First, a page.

• New chief executives hired from the outside inherit companies in much worse shape than those inherited by insiders. For the CEO “class” of 2004, outsider CEOs began their tenures at companies whose performance, in the form of shareholder returns, was 5.2 percentage points lower during the preceding year than the performance of companies that promoted insiders.

• The CEO’s job is stressing even its hardiest denizens. An increasing proportion of successful chief executives age 55 or younger, especially in North America, are choosing to retire.

• The Sarbanes-Oxley Act (SOX) of 2002 did not force more CEO turnover in the U.S. The upward shift in CEO firings occurred from 1995 to 2000; subsequent rates of overall turnover, dismissals, and tenure are all consistent with pre-SOX trends.

• Europe and Asia (excluding Japan) have become the most demanding environments for CEOs. These regions have the highest overall turnover, the most firings, the shortest tenures, and the most rapidly increasing rates of turnover.

• The former CEO can be a real drag. Companies in which a retired chief executive stays on as chairman are more likely to underperform other firms.

• Successful companies are more likely to fire a new CEO. Contrary to conventional wisdom, companies that performed well during the two years prior to their CEO’s appointment have been one-third more likely to force that new CEO from office. Companies that struggled before their new CEOs came in were more likely to keep them longer.

Dissatisfied Shareholders
Booz Allen studies CEO succession at the world’s largest companies to identify patterns in the relationship between the tenures of chief executives and the performance of their companies. Following the methodology used in previous years, we identified the chief executives at the 2,500 largest publicly traded companies in the world (based on market capitalization as of January 1, 2004) who left their positions during 2004. Using the companies’ public statements, as well as our review of press coverage, we determined whether a succession was voluntary or induced. (See “Methodology” at the end of this article.)

We used public data sources to help analyze these executives’ entire tenure as CEO, including personal demographic data (such as age at ascension and departure) and financial performance of their companies. In assessing performance over the CEO’s tenure, we measured total shareholder returns (TSR), including both stock price appreciation and dividends, and compared each individual company’s performance with the performance of a broad stock market index for the geographic region. Thus, our study reviewed the entire careers of CEOs at the point of their departures. We looked at such additional factors as whether the CEO was also chairman of the board, and whether he or she had previously served as CEO of another public company.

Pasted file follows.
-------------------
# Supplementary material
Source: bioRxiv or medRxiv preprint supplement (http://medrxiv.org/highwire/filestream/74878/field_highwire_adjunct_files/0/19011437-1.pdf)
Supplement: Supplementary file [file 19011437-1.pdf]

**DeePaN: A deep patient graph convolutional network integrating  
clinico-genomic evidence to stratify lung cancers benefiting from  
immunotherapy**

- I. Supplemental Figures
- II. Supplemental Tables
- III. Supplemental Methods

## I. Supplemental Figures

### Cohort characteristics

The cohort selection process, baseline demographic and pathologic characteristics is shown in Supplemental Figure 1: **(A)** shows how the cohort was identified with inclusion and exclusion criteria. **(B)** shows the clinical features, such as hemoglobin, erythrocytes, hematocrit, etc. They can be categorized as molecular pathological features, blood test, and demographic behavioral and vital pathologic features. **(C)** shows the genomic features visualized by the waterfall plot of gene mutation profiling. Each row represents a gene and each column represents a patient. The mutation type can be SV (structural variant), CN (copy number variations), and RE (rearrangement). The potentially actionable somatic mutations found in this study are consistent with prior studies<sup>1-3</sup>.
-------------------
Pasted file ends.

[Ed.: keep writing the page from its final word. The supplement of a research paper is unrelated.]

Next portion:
This year, we have expanded our data set to include the financial performance of companies in the years before each CEO assumed office. Our goal is to learn more about the circumstances under which boards turn to outsiders or insiders to run a company, and to understand more about the relationship between leadership characteristics and performance improvement in firms.

In our terminology, “regular” departures are all planned and long-scheduled retirements, as well as deaths. In 2004, regular departures occurred at a higher rate than ever before: 7.3 percent of the top 2,500 corporations. “Performance-related” departures are those in which the CEO was forced to resign, either because of poor performance or disagreements with the board. These too were higher than ever. The third category is “merger-driven,” when a CEO leaves after his or her company is acquired by or combined with another. At 2.4 percent, this was the only category to fall below its historical peak. (See Exhibit 1.)

The results of our survey are highly relevant to the continuing debate about corporate governance. Notwithstanding such visible scandal-driven departures as those of Calisto Tanzi from Parmalat and Franklin Raines from Fannie Mae, the compliance problems and regulatory investigations of the past few years have directly forced comparatively few CEO resignations. Indirectly, however, ethical problems have had an effect. Shareholders are not just intolerant of sustained subpar investor returns. They are also increasingly intolerant of accounting shenanigans that disguise poor performance and artificially inflate profits. Legislators, regulators, and boards of directors around the world are helping shareholders root out questionable practices within companies, further increasing demands on company leaders.